Hard-drive kingpin Seagate announced a refreshed lineup of FreeAgent external hard drives yesterday. The new models offer all the stuff you’d probably guess they would: more capacity at lower prices with a redone industrial design. The company also introduced what is, as far as I know, the first USB dock ever offered for hard drives–an optional holder for the FreeAgent Go portable drive line that sits on your desk and lets you plug in the drive without futzing with the cable. (It’s $29 and comes with a case for the drive.)
One of the most intriguing things about Seagate’s announcement is this: It’s expanded its FreeAgent offerings with drives designed specifically for Mac users. Smaller companies such as LaCie have catered to Macheads for years, but this is the first time that Seagate has done so. And the fact that a manufacturer as large as Seagate sees a business opportunity in the Mac market is yet another sign of the Mac’s resurgent good health. (It wasn’t all that long ago that big companies were fleeing the Mac, not catering to it.)
Of course, all of Seagate’s drives are Mac-compatible; I’ve used ‘em with both PCs and Macs for years. So how did it make Mac-specific models?
–It gave the drives dual interfaces–both FireWire and USB 2.0. (FireWire remains slightly exotic in the PC market, but it’s standard on Macs and faster for external storage.) The FireWire interface works with both FireWire 400 and 800, for the fastest possible performance with Macs that have a FireWire 800 port.
–It formatted the drives for Macs using OS X’s HFS+ format rather than FAT32, which Macs can speak but isn’t their native file format. (Mac fans are used to reformatting drives, especially when they want to use ‘em with Time Machine.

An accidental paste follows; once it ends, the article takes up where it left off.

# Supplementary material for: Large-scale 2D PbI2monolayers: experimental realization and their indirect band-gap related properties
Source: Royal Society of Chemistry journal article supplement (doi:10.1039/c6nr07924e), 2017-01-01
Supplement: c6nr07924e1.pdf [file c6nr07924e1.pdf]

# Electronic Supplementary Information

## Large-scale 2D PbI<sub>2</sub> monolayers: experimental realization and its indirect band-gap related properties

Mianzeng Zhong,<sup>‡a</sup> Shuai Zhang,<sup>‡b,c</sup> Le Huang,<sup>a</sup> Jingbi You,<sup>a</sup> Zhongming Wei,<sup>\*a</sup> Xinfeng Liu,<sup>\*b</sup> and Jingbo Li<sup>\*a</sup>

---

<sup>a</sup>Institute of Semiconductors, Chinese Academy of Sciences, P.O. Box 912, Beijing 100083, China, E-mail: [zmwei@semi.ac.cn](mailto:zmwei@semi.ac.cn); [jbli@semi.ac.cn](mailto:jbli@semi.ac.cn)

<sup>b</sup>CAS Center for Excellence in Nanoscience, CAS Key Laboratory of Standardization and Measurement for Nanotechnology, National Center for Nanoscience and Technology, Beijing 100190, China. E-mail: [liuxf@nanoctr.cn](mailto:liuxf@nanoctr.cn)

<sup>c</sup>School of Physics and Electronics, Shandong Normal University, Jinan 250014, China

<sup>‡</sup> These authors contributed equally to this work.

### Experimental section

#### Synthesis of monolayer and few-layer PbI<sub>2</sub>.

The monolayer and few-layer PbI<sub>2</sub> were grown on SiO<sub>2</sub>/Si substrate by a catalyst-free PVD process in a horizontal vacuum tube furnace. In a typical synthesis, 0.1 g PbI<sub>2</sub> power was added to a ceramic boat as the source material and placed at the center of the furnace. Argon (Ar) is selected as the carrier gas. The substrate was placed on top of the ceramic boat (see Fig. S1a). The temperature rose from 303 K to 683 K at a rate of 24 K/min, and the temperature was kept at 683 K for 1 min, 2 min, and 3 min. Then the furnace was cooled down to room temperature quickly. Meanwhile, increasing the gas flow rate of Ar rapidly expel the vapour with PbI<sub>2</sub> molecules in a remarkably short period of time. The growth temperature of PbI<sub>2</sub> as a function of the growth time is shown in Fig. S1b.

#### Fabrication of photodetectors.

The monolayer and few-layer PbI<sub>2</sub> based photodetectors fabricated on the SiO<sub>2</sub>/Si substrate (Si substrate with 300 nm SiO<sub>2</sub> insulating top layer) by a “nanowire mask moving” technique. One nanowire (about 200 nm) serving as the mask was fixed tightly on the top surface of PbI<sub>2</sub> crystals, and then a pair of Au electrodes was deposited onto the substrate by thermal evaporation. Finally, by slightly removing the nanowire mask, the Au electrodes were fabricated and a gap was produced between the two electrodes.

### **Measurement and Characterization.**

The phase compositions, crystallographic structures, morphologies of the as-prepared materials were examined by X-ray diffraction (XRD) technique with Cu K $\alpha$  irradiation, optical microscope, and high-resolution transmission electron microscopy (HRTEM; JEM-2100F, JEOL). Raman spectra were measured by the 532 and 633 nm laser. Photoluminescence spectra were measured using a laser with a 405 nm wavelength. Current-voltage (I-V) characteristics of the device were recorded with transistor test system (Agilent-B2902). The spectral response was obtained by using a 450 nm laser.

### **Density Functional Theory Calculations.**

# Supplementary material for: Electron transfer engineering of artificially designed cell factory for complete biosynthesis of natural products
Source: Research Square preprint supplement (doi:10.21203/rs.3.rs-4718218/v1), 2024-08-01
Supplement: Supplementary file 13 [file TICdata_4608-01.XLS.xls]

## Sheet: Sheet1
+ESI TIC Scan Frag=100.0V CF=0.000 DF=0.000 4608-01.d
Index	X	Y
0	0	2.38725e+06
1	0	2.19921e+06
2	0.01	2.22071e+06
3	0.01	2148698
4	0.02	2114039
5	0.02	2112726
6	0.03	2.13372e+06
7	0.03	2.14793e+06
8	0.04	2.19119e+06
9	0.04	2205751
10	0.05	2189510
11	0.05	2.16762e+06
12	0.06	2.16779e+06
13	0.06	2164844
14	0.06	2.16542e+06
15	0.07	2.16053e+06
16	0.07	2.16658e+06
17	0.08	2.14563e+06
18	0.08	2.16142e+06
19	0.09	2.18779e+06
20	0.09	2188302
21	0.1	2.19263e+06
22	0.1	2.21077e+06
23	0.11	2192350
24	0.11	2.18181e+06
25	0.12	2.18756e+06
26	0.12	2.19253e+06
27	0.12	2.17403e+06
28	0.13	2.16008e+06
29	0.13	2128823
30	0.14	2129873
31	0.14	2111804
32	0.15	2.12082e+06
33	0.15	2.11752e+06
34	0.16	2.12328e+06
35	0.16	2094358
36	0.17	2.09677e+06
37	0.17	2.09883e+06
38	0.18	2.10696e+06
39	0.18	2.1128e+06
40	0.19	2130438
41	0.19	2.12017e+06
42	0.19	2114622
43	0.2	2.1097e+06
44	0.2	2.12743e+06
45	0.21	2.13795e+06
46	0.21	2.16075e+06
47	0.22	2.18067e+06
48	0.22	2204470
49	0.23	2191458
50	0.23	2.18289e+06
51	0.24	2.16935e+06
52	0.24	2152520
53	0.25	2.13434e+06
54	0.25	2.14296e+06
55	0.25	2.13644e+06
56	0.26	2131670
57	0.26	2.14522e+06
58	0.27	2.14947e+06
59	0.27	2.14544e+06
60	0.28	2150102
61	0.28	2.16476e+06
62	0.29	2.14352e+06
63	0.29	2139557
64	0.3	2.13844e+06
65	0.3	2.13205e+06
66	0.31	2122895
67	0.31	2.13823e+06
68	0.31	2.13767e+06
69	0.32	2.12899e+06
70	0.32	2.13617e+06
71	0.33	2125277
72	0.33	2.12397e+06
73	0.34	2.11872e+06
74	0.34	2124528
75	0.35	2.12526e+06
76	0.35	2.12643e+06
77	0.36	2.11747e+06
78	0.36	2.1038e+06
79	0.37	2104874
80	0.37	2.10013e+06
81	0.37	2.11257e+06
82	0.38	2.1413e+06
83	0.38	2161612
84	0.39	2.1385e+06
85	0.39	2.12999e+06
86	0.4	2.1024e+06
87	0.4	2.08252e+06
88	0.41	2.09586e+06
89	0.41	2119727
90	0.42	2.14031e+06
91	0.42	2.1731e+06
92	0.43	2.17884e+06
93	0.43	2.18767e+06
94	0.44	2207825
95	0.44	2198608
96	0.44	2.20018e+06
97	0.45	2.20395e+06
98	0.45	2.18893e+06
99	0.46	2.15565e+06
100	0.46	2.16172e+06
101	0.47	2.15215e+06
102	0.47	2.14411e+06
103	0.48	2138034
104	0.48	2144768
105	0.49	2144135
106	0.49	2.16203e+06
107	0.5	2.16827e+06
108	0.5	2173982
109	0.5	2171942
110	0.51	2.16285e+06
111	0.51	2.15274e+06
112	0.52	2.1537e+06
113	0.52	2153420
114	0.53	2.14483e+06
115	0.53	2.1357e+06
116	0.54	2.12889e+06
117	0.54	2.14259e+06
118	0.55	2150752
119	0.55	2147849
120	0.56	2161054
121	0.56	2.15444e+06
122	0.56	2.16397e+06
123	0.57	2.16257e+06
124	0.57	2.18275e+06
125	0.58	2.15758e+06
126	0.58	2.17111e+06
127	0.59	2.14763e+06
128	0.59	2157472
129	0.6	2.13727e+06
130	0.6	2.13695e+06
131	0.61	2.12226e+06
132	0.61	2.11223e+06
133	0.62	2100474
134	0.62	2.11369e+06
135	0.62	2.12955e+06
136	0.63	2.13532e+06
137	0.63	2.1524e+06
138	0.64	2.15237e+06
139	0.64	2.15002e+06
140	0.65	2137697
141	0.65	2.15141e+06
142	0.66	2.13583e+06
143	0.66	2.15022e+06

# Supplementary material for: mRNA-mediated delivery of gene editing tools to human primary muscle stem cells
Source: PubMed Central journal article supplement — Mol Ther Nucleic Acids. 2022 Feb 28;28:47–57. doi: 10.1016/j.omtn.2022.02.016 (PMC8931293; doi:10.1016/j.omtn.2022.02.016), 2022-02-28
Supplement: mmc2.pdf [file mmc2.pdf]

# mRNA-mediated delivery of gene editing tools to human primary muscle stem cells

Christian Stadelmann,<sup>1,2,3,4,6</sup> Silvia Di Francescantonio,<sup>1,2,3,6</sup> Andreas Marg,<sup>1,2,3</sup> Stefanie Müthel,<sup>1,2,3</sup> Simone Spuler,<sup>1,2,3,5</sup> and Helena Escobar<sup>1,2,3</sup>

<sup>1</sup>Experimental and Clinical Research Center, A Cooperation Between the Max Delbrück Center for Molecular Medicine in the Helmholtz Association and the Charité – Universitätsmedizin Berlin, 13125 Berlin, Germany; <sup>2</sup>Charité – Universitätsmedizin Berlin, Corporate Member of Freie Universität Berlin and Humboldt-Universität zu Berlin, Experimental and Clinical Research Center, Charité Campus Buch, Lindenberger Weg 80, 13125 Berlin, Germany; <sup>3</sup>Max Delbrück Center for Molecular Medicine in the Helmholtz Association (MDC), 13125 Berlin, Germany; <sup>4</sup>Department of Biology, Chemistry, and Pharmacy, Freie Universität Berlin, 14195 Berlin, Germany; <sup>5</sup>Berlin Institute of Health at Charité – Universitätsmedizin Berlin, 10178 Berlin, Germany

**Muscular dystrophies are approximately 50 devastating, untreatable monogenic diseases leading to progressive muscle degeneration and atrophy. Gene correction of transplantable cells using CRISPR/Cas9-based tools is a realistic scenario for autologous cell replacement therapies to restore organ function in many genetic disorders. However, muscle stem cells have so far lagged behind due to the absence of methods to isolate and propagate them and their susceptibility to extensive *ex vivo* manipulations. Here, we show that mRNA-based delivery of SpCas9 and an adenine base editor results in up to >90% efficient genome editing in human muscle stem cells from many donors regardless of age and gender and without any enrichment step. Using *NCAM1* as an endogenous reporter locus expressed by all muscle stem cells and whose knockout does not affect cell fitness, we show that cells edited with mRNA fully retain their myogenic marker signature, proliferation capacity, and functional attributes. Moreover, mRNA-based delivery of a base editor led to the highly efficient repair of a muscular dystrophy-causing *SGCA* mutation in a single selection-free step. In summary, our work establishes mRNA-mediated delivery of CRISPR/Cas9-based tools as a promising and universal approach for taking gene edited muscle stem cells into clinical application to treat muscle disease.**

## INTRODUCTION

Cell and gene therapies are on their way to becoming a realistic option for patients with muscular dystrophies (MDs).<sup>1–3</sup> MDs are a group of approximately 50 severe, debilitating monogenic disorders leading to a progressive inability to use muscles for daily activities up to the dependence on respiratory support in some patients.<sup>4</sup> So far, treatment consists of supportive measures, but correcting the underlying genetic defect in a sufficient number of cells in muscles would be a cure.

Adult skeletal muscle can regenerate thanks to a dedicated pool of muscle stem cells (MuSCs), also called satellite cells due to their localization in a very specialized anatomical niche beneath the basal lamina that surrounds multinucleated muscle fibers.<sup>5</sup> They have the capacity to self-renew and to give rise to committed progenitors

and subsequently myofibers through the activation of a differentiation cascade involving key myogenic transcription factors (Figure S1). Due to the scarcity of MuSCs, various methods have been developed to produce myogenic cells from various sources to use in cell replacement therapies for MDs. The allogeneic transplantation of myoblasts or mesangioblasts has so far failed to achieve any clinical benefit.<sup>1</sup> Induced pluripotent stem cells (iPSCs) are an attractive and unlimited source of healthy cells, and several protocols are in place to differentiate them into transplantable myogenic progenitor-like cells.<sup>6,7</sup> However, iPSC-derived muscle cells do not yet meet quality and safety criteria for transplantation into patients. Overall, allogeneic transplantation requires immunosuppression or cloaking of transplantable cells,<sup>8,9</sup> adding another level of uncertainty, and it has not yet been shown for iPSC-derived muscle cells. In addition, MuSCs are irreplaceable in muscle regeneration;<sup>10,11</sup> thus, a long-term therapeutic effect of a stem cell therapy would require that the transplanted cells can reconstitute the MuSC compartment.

–It included the dock and case with the FreeAgent Go models rather than making them extra-cost options–the company told me that Mac users like the feeling they’re getting a premium product–while charging more than it does for the stock versions of the drives across the line
(which also covers the higher cost of the dual interface).
–It put the drives in white-and-silver cases that are similar to those of the stock drives, but a tad more minimalist, in an Apple-ish way.
Interestingly enough, the stock versions of the FreeAgent Go drives have a couple of characteristics that are decidedly Apple-esque and which the Mac versions of the drives don’t match. They’re available in colors: silver, black, red, and blue. (Seagate may see opportunities in the Mac market, but it’s not quite ready to juggle four different colors aimed at Mac users.) And the stock drives are noticably thinner than the Mac ones–which is not a design decision, but an artifact of the Mac drives’ FireWire connectors, which take up more space.
Here’s a comparison of the Mac and stock FreeAgent drives, both of which are sitting in their docks–that’s the Mac one on the left, and you can see that it’s a bit chunkier:
I’m guessing that some Mac users will choose to use the stock drives, since their USB connections work fine with Macs and they’re a bit cheaper. And aesthetically, they’re all good matches for Apple products–the new industrial design, which replaces the quirkier textured-brown plastic look of previous FreeAgent drives, draws lots and lots of inspiration from the Apple way. (I practically expected the packaging to say “Designed by Seagate in Cupertino.)
One other random note from my recent meeting with Seagate. A little under three years ago, the company acquired archrival Maxtor, and since then, it’s maintained both brands, focusing them in different ways that are so subtle I can never remember the distinction. But the company told me that it’s beginning to de-emphasize Maxtor, and left me with the impression that the brand isn’t all that long for the world. Makes sense to me: As useful as hard drives are, it’s tough for one company to package them in two ways that are distinct enough to deserve two different brand names.